A question mark is hanging over American grand strategy. The triumphal optimism that marked the end of the Cold War has given way to profound anxiety about the future of the international order. American supremacy has frayed and ominous challenges have emerged. We have entered difficult times. How did we lose our advantage? Can we reclaim it?
The opening of the Berlin Wall in 1989 and the subsequent collapse of the Soviet empire were widely viewed as proof positive of the victory of the West in the Cold War and, above all, as a clear indication of the primacy of the United States. Only one superpower remained in place, seemingly unchallenged and with no significant competitor for global hegemony. The United States dominated the world order and globalization apparently meant Americanization. A new American century was about to begin.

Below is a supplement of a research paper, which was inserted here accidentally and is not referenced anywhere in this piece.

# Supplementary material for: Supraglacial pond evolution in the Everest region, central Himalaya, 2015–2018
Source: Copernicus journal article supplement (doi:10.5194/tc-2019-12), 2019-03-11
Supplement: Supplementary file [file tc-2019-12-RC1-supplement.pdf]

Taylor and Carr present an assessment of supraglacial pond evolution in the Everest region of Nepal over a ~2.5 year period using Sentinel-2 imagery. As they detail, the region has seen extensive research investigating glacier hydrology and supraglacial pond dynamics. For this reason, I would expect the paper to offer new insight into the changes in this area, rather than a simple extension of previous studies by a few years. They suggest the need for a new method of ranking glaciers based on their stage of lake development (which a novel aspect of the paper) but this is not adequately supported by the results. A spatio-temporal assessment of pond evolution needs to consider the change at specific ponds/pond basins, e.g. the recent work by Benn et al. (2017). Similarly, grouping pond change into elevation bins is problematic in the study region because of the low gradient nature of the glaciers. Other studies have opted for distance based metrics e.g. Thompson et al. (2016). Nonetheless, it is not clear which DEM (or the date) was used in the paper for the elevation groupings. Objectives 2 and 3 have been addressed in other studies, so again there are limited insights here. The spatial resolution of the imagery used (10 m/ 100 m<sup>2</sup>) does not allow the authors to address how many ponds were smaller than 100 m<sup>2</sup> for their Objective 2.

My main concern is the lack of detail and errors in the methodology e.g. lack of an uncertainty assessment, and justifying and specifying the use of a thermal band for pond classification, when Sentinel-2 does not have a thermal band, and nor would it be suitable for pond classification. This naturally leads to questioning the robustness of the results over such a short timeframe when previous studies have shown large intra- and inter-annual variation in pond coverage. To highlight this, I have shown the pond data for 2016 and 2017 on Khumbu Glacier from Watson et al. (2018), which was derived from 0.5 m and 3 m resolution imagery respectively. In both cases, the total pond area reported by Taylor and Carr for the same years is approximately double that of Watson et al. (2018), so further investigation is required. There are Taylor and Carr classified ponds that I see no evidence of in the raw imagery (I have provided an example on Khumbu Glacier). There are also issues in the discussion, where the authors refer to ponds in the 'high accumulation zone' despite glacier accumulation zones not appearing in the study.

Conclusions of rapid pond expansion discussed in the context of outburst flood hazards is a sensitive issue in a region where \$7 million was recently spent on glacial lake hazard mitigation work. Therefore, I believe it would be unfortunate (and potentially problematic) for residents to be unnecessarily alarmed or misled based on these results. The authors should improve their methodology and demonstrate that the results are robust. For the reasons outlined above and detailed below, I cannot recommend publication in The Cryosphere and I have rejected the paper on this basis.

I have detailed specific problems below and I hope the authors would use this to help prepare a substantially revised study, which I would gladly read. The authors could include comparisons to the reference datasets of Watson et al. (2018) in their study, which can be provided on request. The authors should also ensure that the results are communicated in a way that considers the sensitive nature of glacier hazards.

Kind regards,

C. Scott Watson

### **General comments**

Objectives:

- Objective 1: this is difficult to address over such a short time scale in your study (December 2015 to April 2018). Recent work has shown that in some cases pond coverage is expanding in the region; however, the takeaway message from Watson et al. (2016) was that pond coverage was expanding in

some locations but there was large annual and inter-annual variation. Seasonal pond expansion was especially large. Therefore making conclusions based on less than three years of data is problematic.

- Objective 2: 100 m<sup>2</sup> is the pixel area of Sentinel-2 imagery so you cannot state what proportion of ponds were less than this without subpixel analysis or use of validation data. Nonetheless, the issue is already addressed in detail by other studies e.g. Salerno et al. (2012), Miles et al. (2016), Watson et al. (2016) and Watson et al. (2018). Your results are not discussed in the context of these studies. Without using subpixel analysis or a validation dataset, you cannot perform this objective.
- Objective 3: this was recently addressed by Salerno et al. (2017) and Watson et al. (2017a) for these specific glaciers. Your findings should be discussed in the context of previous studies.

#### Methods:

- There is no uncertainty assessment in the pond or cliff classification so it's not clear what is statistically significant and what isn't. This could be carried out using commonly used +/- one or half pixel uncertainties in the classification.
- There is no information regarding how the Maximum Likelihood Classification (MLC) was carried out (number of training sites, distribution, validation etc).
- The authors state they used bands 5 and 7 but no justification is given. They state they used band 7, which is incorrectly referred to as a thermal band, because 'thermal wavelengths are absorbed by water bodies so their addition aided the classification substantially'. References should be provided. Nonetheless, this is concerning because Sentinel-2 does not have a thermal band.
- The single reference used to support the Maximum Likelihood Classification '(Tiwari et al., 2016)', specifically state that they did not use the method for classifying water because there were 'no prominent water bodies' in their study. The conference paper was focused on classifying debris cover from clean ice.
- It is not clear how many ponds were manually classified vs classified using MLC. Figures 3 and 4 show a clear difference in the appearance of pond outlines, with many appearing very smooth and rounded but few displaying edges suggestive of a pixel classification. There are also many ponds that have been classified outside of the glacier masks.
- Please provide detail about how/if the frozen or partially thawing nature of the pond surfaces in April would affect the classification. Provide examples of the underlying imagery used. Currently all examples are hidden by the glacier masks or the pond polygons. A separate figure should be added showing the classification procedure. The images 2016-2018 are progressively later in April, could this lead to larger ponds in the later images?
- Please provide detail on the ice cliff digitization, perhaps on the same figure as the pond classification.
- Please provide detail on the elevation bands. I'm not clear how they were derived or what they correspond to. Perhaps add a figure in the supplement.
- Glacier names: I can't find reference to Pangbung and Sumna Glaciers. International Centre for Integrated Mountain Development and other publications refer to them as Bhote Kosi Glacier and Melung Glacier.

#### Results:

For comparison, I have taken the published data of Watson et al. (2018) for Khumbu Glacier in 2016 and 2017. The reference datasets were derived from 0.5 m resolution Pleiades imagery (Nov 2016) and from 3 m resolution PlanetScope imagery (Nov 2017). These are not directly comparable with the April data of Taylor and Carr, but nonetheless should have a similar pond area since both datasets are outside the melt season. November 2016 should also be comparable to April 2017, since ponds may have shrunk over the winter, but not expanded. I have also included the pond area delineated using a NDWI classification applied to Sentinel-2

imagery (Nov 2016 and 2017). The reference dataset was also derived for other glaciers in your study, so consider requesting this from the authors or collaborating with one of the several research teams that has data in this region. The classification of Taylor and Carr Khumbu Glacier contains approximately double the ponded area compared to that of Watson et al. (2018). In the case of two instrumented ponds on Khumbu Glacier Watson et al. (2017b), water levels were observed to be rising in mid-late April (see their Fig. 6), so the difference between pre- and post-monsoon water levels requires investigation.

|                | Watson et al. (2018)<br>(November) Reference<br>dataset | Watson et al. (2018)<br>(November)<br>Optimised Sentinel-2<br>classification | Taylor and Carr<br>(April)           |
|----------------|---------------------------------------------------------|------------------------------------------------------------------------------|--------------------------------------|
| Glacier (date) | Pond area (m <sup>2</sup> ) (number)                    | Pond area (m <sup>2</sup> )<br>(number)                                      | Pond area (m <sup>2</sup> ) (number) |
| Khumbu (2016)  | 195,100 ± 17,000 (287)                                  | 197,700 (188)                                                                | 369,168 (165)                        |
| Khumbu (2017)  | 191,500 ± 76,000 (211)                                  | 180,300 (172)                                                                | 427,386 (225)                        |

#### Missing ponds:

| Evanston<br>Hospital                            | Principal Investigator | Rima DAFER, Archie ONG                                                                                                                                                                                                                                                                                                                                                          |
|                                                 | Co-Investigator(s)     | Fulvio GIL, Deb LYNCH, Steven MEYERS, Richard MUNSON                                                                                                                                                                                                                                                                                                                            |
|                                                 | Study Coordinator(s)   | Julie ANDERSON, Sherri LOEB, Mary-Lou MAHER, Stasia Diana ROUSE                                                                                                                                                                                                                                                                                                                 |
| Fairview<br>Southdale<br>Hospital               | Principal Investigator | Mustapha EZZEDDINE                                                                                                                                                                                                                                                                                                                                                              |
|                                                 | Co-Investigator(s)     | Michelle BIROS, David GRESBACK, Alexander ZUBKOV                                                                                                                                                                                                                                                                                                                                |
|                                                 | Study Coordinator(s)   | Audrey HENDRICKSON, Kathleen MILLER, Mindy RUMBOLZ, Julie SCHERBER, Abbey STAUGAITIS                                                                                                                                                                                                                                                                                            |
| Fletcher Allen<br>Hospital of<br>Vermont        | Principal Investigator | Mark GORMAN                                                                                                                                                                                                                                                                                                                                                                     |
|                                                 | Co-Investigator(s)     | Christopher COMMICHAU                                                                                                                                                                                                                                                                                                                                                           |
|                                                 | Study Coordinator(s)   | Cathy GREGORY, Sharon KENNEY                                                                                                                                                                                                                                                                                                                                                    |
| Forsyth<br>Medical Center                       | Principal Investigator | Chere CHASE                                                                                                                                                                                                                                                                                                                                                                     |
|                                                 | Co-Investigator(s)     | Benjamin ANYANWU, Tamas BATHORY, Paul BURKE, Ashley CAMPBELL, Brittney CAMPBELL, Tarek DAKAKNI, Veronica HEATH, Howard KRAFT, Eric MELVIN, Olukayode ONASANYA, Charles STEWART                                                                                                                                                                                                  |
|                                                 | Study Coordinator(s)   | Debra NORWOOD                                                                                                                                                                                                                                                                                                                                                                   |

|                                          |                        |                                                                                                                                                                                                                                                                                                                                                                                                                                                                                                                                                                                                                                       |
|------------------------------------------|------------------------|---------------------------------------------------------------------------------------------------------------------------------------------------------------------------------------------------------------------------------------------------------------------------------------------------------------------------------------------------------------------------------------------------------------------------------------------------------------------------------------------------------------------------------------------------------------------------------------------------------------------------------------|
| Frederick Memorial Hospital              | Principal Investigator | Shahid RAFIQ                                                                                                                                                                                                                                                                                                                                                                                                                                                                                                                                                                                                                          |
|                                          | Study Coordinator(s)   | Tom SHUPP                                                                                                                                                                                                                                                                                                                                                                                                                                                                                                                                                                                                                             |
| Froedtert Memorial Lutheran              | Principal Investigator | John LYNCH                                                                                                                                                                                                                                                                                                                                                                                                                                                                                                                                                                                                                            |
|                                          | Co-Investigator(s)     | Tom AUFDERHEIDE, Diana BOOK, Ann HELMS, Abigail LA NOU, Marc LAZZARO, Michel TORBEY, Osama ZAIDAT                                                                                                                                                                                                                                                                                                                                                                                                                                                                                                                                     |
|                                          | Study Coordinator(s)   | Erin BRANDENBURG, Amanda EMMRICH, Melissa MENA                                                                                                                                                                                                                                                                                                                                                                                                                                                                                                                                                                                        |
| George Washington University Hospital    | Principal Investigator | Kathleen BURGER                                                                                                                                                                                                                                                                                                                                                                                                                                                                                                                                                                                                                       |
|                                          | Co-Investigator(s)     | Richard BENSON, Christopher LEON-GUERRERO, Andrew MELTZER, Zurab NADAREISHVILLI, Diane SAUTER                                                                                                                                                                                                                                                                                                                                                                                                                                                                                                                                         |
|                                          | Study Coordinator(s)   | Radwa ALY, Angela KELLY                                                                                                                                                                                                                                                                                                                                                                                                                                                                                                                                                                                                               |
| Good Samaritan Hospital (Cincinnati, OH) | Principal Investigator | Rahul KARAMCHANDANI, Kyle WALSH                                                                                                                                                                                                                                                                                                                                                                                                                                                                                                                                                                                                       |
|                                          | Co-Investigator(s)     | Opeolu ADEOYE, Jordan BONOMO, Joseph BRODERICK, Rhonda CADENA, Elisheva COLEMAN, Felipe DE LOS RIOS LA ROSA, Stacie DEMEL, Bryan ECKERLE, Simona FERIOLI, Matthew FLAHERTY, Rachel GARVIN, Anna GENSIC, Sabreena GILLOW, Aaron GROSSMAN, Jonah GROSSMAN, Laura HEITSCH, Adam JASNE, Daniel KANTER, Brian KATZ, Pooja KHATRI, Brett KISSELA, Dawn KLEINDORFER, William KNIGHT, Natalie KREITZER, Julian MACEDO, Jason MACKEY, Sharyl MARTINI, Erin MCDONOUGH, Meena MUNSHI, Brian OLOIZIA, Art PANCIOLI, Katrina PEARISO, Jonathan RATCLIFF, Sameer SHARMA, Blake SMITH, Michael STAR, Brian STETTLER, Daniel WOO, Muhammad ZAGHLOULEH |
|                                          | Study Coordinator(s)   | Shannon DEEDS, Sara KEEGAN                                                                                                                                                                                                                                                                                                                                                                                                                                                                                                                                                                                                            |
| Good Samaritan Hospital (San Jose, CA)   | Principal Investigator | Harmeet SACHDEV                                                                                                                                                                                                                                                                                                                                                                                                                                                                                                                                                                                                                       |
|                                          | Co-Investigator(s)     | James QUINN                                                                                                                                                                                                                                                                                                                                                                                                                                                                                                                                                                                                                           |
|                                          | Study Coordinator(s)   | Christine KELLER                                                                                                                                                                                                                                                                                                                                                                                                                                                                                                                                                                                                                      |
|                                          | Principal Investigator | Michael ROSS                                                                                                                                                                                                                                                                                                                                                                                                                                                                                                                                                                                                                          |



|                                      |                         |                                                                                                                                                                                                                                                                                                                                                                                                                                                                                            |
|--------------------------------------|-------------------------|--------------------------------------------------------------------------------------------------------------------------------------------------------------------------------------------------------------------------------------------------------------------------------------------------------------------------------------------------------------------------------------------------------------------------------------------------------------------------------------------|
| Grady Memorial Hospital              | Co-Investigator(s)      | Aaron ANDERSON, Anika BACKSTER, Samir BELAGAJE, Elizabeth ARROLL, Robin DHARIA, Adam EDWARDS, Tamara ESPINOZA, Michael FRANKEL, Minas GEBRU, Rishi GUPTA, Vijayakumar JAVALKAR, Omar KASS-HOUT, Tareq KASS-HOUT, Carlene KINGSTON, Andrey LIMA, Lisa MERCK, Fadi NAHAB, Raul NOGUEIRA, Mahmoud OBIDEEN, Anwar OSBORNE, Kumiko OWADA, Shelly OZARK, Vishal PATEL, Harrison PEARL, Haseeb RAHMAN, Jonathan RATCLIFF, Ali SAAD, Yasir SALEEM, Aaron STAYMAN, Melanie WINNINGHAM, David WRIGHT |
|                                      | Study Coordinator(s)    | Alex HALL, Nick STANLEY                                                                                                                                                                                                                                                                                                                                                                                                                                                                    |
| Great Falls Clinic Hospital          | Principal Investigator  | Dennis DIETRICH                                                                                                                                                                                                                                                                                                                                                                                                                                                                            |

Yet that confidence in the liberal democratic international order and in American leadership to guarantee it has been profoundly shaken. As early as the 1990s, criticisms of the monopolar view of the world began to circulate, even in Western Europe, our vital partner in the transatlantic alliance. The 9/11 attacks exposed American vulnerability to the world, shattering the myth of invincibility. Responses to the Iraq War split the United States from some traditional allies and mismanagement of the war's aftermath undermined real achievements. The seemingly endless conflict in Afghanistan fed a growing domestic antipathy to foreign engagements.